Running With Iron Heels

This past spring I was camping and hiking in the Taconic range with a good friend. We walked and talked while soaking in the beautiful terrain of those green mountains.

Such excursions are important. They transport us physically. They also transport us mentally. The humdrum of everyday life fades as rolling hills and valleys come into view.

We are lucky in Connecticut. Beautiful, green woodlands, rivers, and an ocean surround us. We can choose the company of beautiful, caring people.

What can slip by almost unnoticed is that others are out there. They have a different view of what surrounds us. They see ugly everywhere.

African Americans are shot down, with regularity, in our streets. Some see injustice, others see genetics. Some see the continuance of hundreds of years of oppression and struggle. Others let fear consume them.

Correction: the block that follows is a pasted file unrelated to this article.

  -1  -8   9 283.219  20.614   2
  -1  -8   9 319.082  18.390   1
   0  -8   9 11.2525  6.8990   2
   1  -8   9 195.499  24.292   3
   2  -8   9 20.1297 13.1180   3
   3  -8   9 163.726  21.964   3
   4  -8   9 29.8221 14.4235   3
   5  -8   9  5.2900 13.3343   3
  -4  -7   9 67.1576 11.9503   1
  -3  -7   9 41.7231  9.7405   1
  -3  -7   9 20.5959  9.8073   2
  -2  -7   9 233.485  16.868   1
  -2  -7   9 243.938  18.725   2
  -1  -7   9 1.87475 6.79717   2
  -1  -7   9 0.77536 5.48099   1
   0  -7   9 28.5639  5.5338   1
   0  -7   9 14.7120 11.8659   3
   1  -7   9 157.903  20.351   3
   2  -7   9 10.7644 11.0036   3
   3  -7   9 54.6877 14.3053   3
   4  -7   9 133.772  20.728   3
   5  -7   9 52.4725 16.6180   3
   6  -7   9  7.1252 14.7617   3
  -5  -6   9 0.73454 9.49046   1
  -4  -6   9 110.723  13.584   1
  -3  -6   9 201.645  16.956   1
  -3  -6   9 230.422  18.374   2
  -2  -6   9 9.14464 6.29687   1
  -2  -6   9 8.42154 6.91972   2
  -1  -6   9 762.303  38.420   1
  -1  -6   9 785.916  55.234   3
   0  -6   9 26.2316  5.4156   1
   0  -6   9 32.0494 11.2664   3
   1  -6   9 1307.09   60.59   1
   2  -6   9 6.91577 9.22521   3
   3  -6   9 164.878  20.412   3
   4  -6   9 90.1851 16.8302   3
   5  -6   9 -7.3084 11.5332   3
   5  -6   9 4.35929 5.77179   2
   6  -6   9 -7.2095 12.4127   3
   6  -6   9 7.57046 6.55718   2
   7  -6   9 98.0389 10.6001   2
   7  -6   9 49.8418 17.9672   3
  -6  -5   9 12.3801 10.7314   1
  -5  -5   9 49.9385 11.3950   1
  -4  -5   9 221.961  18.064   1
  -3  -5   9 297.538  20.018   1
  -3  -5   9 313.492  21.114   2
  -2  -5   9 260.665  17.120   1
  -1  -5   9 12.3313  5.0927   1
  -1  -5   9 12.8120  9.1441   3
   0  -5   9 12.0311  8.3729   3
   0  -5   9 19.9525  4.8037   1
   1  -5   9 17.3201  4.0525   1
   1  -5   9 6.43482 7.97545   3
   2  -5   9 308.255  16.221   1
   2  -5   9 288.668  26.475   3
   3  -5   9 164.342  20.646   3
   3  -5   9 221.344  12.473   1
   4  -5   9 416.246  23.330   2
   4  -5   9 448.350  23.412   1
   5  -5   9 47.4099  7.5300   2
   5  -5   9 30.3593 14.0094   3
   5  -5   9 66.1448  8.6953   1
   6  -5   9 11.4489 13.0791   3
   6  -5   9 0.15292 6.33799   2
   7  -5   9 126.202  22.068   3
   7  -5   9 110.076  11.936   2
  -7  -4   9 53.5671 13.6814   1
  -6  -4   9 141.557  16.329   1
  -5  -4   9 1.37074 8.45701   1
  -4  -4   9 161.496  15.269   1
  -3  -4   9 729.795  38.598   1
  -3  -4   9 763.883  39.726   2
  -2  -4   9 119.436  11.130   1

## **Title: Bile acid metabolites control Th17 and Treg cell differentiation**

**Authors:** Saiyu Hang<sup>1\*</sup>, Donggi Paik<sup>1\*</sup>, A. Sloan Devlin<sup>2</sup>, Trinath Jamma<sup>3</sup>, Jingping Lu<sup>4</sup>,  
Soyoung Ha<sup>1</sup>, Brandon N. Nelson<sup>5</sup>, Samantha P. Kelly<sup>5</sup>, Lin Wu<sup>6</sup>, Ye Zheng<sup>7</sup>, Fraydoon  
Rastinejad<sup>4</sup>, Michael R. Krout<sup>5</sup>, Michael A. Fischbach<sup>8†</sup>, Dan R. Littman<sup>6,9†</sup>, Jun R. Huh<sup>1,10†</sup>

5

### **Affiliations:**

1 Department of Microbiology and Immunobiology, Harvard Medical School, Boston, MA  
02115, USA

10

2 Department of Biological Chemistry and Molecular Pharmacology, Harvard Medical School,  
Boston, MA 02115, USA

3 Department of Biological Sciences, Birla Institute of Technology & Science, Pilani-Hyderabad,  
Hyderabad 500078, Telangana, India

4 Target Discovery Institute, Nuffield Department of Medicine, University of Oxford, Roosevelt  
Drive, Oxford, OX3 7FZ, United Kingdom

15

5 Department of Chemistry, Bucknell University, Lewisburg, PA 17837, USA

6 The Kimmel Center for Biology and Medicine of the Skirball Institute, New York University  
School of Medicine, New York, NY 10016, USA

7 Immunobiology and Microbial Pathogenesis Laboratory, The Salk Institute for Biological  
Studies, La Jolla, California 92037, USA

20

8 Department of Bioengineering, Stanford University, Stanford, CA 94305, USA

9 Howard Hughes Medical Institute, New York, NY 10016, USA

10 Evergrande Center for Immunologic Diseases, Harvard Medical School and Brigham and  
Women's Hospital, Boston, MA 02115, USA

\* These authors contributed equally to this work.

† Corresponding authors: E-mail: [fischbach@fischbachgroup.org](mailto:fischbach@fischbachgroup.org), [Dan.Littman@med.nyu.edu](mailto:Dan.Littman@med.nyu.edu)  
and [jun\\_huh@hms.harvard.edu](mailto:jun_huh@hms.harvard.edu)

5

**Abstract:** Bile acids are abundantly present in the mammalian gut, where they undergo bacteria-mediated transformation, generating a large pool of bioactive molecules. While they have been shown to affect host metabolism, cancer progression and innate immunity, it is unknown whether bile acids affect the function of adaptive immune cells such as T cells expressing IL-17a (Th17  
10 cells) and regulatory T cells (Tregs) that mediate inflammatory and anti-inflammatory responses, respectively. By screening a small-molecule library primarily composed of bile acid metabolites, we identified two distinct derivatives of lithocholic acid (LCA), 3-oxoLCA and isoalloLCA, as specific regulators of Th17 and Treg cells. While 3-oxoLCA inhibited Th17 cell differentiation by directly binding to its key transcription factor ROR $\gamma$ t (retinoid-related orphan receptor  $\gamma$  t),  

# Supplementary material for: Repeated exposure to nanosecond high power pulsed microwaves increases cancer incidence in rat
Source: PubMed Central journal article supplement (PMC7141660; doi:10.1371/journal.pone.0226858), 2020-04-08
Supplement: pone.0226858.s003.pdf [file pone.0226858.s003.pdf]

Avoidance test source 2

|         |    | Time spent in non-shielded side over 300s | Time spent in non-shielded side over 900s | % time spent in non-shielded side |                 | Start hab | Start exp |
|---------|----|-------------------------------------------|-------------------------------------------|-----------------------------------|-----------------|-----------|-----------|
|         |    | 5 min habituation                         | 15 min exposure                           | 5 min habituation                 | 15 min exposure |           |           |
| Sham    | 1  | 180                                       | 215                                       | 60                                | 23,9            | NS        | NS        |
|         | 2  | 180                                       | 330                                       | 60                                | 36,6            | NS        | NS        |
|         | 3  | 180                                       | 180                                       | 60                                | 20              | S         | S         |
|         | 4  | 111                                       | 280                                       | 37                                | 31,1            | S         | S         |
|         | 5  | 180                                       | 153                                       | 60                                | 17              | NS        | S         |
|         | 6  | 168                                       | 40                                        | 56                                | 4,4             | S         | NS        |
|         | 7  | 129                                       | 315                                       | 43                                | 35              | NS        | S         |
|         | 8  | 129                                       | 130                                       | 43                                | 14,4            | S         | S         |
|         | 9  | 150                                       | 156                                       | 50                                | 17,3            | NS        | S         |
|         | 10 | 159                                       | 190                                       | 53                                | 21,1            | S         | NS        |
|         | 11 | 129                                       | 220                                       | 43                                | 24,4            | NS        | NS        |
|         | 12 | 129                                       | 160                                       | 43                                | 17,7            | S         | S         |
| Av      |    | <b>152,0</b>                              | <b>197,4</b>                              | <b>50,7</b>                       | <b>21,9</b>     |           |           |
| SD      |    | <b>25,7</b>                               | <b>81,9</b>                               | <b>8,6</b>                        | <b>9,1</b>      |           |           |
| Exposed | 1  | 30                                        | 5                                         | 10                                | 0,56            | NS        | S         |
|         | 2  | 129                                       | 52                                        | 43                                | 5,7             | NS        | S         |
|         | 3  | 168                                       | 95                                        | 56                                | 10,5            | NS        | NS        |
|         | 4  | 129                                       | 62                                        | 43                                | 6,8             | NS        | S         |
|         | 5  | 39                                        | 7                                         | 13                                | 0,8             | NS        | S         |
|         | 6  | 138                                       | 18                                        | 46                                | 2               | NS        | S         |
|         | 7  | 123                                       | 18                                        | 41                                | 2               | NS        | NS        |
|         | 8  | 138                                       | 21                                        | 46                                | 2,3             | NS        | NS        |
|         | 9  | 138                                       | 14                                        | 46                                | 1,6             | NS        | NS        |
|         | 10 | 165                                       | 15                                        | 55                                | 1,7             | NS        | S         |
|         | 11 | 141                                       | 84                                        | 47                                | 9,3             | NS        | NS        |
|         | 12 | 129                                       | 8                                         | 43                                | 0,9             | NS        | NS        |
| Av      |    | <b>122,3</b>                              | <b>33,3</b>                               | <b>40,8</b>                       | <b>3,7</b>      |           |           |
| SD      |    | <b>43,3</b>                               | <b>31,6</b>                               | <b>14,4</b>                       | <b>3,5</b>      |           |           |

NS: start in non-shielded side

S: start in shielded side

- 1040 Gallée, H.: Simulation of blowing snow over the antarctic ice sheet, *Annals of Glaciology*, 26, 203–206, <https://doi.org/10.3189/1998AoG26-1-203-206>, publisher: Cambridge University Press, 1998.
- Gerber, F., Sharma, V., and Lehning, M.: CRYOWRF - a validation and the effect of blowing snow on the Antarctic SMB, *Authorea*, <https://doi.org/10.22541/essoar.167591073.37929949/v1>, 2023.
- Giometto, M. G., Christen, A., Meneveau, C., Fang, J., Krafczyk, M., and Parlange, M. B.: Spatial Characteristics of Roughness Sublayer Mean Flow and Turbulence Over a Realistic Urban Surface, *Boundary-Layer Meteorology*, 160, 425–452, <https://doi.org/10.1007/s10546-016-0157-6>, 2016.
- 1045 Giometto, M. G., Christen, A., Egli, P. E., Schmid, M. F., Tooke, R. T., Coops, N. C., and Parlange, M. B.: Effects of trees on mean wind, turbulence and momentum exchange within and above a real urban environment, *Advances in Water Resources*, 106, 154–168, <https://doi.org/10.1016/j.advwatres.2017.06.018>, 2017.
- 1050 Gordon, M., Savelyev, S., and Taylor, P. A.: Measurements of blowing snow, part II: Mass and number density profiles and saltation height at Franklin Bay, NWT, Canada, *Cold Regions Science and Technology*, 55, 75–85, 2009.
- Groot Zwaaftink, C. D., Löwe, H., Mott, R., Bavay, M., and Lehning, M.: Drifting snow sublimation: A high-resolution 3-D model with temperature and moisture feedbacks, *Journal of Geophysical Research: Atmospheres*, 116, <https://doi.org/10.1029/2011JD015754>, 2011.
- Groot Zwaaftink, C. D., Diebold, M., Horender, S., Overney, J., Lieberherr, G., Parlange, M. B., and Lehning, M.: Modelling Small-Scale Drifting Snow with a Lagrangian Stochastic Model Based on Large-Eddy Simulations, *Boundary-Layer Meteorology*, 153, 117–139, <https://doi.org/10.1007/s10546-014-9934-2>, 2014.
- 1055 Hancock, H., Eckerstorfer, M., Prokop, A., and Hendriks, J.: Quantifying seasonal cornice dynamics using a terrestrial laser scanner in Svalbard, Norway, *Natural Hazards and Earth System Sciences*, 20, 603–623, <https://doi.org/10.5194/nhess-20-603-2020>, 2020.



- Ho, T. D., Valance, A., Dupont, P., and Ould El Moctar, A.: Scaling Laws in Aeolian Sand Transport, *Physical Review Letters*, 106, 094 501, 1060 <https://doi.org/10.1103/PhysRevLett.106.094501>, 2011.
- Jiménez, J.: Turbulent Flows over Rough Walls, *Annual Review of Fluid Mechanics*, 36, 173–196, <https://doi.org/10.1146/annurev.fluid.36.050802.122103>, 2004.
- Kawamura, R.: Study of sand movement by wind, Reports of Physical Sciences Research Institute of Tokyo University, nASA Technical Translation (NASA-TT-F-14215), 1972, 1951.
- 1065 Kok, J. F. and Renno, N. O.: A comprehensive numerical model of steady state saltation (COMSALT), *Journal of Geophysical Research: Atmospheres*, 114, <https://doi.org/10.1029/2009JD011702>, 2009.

Fossil fuel pipelines ram through lands, from New England to Indian sacred spaces. Some see centuries of stealing land, religious violations, environmental degradation, and fight-back. Others see maintaining a lifestyle. More dangerously, the 0.1% sees major profits threatened with protests of the former.

Bombs are dropped an ocean away. People migrate. Some see state terror, a humanitarian disaster, and struggle. Some hear only “terrorists” and seek revenge.

People see, and maybe feel, these differences. The “others” handle them in different ways. A peek into our family’s 20th century histories may elucidate some of this. Let’s try mine.